by appearances. System-Antics reinforced this principle, and also
shows how appearances can become more important than the core function
of a system and take it over.

**** Interacting with Systems and the people within them

The biggest takeaway I had to was to be extremely wary of grandiose,
complex systems. If I'm in a position to build a new system, to make
it as simple and obvious as possible. If I'm forced to interact with
an existing system, tread with extreme care and the expectation that
it'll be barely functioning as described. 

Some tactics to work with large systems include looking out for
reinforcing feedback loops, understanding what the inputs to the
system look like -- and what the reality of the system is. Accepting
that communicating with a system is necessarily inefficient and
unlikely to achieve any results. And always watching out for the
system to react badly to any changes.

Simple direct systems are best: ideally, they go with the flow and
don't oppose human tendencies. There must also be a lot of slack in
the system to give it space to stretch and allow for people to adjust
and make space for themselves. 

As a manager, the best thing you can do is to remove obstacles.

Frames of reference are very important while considering and
interacting with systems. Being part of a system necessarily forces me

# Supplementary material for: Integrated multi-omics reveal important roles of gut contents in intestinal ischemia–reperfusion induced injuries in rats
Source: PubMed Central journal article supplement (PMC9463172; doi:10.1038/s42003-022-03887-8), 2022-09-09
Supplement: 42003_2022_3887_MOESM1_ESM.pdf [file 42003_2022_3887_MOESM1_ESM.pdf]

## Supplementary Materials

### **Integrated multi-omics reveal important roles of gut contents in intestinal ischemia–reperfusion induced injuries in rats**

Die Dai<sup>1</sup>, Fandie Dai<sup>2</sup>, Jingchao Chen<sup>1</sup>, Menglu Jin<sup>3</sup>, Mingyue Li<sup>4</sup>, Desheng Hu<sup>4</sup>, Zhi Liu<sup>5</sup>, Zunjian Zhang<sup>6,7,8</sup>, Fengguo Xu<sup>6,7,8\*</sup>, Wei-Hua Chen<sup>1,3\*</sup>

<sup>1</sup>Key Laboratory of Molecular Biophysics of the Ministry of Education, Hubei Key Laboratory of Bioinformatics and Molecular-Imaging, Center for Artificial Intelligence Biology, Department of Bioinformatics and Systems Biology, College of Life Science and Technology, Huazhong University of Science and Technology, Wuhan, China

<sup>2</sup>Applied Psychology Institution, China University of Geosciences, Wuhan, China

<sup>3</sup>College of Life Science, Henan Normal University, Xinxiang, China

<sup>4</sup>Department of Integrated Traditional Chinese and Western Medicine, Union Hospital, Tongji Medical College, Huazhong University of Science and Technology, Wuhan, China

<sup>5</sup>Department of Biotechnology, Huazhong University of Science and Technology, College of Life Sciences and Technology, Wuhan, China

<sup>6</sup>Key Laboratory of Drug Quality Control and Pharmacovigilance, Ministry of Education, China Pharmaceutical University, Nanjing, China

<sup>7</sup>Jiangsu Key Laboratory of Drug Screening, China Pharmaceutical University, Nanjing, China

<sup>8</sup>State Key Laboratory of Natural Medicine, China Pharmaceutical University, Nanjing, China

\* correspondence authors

to be a part of the delusions of that system; and that explains a lot
of my life.

It's worth doing things poorly if it's worth doing them is a dramatic
change from my usual approach to life, but far more pragmatic. I have
perfectionist tendencies that mean I don't really get very far with my
projects, and often lose a lot of potential value because I can't do
something well enough.

**** Explaining the world, and parts of my life
Some of my greatest successes have happened in spite of the system
that was supposed to create them, and not because of it: particularly
at school, and sadly, also at work.

I've also spent several years of my life trying to build systems at
work, only to see them backfire or misbehave in different ways --
instead of trying to make smaller, targeted changes. 

I must admit that this also explains the behaviors of engineers I've
seen be consistently successful in building value.

The explanations of constantly failing systems also helps explain the
state of the world today, and why specialized organizations don't seem
to be as successful as you would expect.

**** The book itself
The book itself is written in a satirical-scientific style with dry
humor throughout: looking at reviews online, it might also put you
off the book but I'd recommend powering through the first few chapters
and it'll become impossible to put down.